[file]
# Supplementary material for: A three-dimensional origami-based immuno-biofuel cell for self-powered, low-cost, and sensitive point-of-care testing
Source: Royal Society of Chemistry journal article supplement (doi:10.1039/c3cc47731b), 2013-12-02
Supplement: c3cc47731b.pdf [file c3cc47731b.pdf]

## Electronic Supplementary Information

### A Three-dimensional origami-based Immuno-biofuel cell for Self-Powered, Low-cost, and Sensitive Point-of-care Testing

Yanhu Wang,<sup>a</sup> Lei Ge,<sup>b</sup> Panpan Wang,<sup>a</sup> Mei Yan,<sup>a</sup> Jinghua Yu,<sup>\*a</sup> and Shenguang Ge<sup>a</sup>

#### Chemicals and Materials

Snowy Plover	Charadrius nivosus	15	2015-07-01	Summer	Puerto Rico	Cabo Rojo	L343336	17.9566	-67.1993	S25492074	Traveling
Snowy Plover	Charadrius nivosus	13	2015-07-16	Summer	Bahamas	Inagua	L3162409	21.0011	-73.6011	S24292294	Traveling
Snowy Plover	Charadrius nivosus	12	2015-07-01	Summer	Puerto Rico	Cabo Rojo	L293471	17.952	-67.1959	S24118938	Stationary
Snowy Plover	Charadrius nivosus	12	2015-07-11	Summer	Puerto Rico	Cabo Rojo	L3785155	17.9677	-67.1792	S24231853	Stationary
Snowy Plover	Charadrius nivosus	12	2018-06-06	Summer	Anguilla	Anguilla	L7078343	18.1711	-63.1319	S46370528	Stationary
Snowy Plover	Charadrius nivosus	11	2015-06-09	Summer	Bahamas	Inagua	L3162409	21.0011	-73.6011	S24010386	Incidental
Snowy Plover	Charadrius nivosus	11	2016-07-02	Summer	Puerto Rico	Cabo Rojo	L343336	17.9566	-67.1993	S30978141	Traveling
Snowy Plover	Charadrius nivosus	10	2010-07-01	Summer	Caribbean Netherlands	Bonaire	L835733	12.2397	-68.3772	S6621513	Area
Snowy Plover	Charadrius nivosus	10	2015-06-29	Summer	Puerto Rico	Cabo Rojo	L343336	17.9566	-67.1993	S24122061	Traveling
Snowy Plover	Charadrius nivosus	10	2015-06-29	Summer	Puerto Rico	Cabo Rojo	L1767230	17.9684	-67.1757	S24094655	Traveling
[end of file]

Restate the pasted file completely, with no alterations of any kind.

# Supplementary material for: A three-dimensional origami-based immuno-biofuel cell for self-powered, low-cost, and sensitive point-of-care testing
Source: Royal Society of Chemistry journal article supplement (doi:10.1039/c3cc47731b), 2013-12-02
Supplement: c3cc47731b.pdf [file c3cc47731b.pdf]

## Electronic Supplementary Information

### A Three-dimensional origami-based Immuno-biofuel cell for Self-Powered, Low-cost, and Sensitive Point-of-care Testing

Yanhu Wang,<sup>a</sup> Lei Ge,<sup>b</sup> Panpan Wang,<sup>a</sup> Mei Yan,<sup>a</sup> Jinghua Yu,<sup>\*a</sup> and Shenguang Ge<sup>a</sup>

#### Chemicals and Materials

Snowy Plover	Charadrius nivosus	15	2015-07-01	Summer	Puerto Rico	Cabo Rojo	L343336	17.9566	-67.1993	S25492074	Traveling
Snowy Plover	Charadrius nivosus	13	2015-07-16	Summer	Bahamas	Inagua	L3162409	21.0011	-73.6011	S24292294	Traveling
Snowy Plover	Charadrius nivosus	12	2015-07-01	Summer	Puerto Rico	Cabo Rojo	L293471	17.952	-67.1959	S24118938	Stationary
Snowy Plover	Charadrius nivosus	12	2015-07-11	Summer	Puerto Rico	Cabo Rojo	L3785155	17.9677	-67.1792	S24231853	Stationary
Snowy Plover	Charadrius nivosus	12	2018-06-06	Summer	Anguilla	Anguilla	L7078343	18.1711	-63.1319	S46370528	Stationary
Snowy Plover	Charadrius nivosus	11	2015-06-09	Summer	Bahamas	Inagua	L3162409	21.0011	-73.6011	S24010386	Incidental
Snowy Plover	Charadrius nivosus	11	2016-07-02	Summer	Puerto Rico	Cabo Rojo	L343336	17.9566	-67.1993	S30978141	Traveling
Snowy Plover	Charadrius nivosus	10	2010-07-01	Summer	Caribbean Netherlands	Bonaire	L835733	12.2397	-68.3772	S6621513	Area
Snowy Plover	Charadrius nivosus	10	2015-06-29	Summer	Puerto Rico	Cabo Rojo	L343336	17.9566	-67.1993	S24122061	Traveling
Snowy Plover	Charadrius nivosus	10	2015-06-29	Summer	Puerto Rico	Cabo Rojo	L1767230	17.9684	-67.1757	S24094655	Traveling